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Velella velella

Velella velella
Photo Information
Copyright: Lori Cannon (LCannon) Gold Star Critiquer/Gold Star Workshop Editor/Gold Note Writer [C: 374 W: 137 N: 804] (3107)
Genre: Animals
Medium: Color
Date Taken: 2006-05-31
Categories: Ocean
Camera: Kodak Easyshare LS753
Exposure: f/3.0, 1/45 seconds
More Photo Info: [view]
Photo Version: Original Version, Workshop
Date Submitted: 2007-02-04 14:10
Viewed: 4806
Points: 16
[Note Guidelines] Photographer's Note
I wanted to post this photo a while back, but didn't know what it was other than a Jellyfish. I found some information on it on the Oregon State University Web site:

Usually in spring, but occasionally in winter, great windrows of blue- to purple-bodied jellyfish line our beaches. The scientific name of the jellyfish is Velella velella.

A good common name is "by-the-wind sailors," or you might prefer the shorter "purple sailor." Some Northwest beachcombers call them "Portuguese man-of-war," but this is incorrect; the man-of-war lives only in warm waters.

Velella is an offshore resident. Winds blowing gently against its triangular, clear sail move the jellyfish. The sail is set diagonally to the long axis of the animal. On our side of the north Pacific Ocean, their sails are set in a northwest to southeast direction. On the other side of the north Pacific, the sails are set in a northeast to southwest direction. In the southern hemisphere, sails are reversed. As long as the winds blow gently, Velella tacks at about 45° away from a following wind. This keeps the animal offshore.

When winds are strong, Velella loses its tacking ability and begins spinning and more directly follows the wind. Strong westerlies, then, are what drive these animals onto our beaches.

All jellyfish have stinging cells in their tentacles. Most people are not bothered by touching one from our beaches with their hands. You should not rub your eyes or put a finger in your mouth after handling a jellyfish, however, because this could cause you pain--and maybe even more serious problems. You should also avoid walking barefoot through freshly beached jellyfish. Velella is not the only jellyfish you might find on your beach walks. The moon jelly, Aurelia, usually appears as a flat, clear blob. If enough of the moon jelly remains, you might see four horseshoe-shaped gonads, purple in males and yellow in females. West coast sea nettle (Chrysaora fuscenscens) is tan with reddish-orange hues and has very long tentacles. Its sting can be mildly harmful to humans, about as potent as a bee sting.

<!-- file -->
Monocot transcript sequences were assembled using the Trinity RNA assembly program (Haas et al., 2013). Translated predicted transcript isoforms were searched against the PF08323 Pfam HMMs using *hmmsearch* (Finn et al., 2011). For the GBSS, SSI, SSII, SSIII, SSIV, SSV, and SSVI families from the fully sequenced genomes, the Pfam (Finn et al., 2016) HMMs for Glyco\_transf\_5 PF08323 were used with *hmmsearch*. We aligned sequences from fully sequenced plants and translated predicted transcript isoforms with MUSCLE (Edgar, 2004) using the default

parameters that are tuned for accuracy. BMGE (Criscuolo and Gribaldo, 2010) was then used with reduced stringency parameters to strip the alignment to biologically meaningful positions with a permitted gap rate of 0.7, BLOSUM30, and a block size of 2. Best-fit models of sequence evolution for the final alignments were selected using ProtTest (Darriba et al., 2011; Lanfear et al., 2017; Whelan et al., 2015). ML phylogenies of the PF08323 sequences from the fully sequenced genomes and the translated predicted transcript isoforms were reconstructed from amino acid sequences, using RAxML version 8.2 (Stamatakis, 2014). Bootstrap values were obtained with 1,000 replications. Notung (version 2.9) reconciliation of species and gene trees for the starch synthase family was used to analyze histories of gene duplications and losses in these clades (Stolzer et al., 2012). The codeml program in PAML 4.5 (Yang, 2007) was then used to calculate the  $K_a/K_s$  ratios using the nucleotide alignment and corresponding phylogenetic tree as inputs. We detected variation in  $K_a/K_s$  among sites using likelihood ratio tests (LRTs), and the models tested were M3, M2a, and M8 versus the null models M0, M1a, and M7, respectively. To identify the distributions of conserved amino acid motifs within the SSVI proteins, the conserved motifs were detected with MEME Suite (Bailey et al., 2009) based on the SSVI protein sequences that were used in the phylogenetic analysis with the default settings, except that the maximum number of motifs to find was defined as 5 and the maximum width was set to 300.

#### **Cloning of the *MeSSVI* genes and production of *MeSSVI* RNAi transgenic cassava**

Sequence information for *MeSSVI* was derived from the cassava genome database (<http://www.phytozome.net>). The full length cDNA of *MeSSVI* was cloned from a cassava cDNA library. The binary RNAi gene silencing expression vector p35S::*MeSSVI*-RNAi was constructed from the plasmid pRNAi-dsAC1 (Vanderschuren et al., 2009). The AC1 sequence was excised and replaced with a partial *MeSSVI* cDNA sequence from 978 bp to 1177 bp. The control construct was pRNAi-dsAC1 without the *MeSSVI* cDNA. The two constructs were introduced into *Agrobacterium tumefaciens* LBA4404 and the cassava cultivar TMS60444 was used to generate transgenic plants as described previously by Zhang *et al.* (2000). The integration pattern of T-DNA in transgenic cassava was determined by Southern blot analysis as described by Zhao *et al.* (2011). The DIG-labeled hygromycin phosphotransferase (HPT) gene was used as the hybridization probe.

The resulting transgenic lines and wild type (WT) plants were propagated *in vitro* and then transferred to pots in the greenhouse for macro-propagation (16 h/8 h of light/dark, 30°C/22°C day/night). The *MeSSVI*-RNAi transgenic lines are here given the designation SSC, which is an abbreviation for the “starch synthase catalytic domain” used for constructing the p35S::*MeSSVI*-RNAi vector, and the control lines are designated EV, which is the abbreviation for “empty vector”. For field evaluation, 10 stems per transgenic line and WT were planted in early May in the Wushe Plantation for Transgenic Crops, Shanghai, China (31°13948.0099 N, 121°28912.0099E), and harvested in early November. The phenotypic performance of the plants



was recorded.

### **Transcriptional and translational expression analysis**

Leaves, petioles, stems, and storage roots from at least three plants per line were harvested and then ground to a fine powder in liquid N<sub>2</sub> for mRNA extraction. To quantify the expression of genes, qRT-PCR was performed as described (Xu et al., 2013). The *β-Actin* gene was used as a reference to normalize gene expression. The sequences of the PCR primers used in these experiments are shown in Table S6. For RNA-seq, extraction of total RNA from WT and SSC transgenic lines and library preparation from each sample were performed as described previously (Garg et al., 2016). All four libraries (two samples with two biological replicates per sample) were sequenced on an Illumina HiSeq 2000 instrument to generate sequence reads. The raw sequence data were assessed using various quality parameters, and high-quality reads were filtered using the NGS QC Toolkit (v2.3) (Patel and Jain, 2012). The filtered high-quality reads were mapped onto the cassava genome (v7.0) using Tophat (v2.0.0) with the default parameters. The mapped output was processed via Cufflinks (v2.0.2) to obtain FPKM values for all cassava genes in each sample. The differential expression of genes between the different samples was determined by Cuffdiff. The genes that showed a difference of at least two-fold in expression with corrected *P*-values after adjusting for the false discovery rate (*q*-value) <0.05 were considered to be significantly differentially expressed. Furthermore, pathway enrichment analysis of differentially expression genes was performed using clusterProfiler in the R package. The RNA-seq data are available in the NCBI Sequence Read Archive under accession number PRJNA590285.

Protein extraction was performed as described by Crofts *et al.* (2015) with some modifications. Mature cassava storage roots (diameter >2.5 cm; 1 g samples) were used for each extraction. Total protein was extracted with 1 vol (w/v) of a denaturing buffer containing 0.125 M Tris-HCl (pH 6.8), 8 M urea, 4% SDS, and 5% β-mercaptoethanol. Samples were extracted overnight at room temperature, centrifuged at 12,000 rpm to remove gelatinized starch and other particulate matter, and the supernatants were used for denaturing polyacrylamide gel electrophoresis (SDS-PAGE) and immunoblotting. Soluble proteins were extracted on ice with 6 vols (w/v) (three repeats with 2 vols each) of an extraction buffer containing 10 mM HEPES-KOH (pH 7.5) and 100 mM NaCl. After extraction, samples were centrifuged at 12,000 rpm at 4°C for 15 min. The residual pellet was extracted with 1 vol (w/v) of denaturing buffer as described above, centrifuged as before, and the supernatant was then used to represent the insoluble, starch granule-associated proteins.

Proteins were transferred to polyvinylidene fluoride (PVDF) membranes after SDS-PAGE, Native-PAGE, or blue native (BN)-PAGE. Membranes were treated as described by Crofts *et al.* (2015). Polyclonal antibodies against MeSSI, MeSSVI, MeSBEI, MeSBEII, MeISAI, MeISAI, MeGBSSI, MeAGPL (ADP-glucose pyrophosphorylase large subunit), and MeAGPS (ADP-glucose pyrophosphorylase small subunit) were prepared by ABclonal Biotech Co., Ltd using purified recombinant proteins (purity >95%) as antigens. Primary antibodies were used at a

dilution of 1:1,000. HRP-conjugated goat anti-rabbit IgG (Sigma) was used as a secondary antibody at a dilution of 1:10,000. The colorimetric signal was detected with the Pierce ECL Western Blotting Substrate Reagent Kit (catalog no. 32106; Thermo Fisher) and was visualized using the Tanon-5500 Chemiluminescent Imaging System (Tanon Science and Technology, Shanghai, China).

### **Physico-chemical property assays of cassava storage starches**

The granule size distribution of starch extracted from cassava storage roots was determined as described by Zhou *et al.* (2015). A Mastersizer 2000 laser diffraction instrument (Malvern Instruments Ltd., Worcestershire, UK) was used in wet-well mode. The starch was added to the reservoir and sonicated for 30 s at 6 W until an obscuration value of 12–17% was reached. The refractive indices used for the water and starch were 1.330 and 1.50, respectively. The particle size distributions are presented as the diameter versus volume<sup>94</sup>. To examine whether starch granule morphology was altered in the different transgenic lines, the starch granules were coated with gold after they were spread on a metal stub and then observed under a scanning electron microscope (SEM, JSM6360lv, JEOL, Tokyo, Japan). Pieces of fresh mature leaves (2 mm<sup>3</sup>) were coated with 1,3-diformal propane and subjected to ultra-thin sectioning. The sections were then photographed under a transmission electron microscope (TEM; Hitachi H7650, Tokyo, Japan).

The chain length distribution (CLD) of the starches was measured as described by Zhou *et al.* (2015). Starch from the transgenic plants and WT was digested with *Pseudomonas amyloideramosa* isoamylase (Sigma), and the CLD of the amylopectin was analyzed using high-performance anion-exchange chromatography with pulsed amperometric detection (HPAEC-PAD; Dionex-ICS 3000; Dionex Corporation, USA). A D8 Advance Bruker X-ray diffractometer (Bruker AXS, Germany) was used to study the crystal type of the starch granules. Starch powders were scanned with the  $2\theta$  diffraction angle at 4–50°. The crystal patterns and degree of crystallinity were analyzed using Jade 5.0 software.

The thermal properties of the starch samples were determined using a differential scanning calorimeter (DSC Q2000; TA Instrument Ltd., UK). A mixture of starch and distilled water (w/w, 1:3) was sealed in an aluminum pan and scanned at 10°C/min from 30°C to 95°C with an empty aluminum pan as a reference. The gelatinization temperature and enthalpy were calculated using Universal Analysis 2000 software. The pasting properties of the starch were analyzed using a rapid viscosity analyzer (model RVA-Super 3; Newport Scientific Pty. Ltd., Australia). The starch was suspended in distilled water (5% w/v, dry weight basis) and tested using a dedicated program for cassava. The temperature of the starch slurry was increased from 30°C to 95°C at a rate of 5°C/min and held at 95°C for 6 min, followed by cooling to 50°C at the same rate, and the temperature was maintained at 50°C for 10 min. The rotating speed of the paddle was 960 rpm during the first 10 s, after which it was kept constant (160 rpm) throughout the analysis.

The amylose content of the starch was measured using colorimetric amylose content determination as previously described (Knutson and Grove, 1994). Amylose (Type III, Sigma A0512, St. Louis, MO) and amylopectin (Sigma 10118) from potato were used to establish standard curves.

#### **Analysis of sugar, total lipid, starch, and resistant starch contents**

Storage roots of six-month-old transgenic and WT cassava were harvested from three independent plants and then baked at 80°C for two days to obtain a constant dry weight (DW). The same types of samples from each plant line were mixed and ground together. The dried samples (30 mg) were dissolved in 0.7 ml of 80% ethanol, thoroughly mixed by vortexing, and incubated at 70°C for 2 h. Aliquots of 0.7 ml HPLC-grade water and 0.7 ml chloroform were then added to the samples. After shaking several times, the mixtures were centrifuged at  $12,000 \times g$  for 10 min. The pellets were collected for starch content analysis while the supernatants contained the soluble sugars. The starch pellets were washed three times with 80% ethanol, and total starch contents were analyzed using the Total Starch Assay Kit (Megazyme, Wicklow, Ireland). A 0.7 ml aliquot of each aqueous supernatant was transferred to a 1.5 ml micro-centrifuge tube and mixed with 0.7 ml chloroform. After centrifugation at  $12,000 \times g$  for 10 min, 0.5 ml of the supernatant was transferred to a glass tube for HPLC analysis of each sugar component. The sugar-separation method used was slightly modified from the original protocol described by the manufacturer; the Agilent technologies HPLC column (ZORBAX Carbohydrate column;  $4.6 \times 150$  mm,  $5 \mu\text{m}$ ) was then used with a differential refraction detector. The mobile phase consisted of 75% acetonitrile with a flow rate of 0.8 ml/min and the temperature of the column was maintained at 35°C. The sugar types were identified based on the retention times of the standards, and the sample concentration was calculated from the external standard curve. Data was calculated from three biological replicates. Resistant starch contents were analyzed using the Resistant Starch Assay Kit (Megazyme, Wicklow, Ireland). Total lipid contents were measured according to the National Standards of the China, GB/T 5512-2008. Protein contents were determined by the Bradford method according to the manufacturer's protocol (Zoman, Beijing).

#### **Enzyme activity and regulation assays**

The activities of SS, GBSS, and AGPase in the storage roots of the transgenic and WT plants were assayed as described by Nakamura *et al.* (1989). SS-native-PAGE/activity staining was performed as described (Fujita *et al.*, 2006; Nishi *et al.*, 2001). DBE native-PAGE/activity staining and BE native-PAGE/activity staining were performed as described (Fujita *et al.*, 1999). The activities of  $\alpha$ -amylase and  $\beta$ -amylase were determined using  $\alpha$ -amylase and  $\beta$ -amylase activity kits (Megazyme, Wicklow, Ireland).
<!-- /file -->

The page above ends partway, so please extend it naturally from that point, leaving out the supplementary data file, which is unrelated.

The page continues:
Dave, XOTAELE, Robbrown, trinko, shirgold, blakitan has marked this note useful
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ThreadThread Starter Messages Updated
To Nephrotome2: JM...I've posted 2 more viewsLCannon 1 02-05 18:00
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Critiques [Translate]

  • Great 
  • Dave Gold Star Critiquer/Silver Workshop Editor/Gold Note Writer [C: 503 W: 43 N: 657] (2178)
  • [2007-02-04 14:23]

How interesting and so amazing nature is Lori! Your note is quite excellent as is this beached sample of this "by-the-wind-sailor". Super!

Preciosos los detalles de este especimen.
Los colores son preciosos y más en contraste con el de la arena.
Saludos Lori.
Juan Luis.

  • Great 
  • trinko Gold Star Critiquer/Gold Star Workshop Editor/Gold Note Writer [C: 587 W: 78 N: 322] (4321)
  • [2007-02-04 15:21]

nice picture. good focus, interesting subject. i've got a picture of one floating in the water here

Hi Lori,
Very interesing post and excellent post - true TN spirit !
excellent detail.
TFS - Shir

  • Great 
  • Isu Gold Star Critiquer/Silver Note Writer [C: 313 W: 0 N: 21] (1663)
  • [2007-02-04 18:04]

Hola Lori, buen disparo de esta anemona, bonito y agradable compo. saludos

Hi Lori,
Interesting capture.
Sharp and nice details.
Great shot.

Ben Lakitan

Belle photo cette méduse légèrement bleueté est bien belle,La photo montre bien les détails,bien nets. Amitiés Thomas

Very interesting and informative. Would be good to post a side view in a workshop so that we see beter what the sail looks like.

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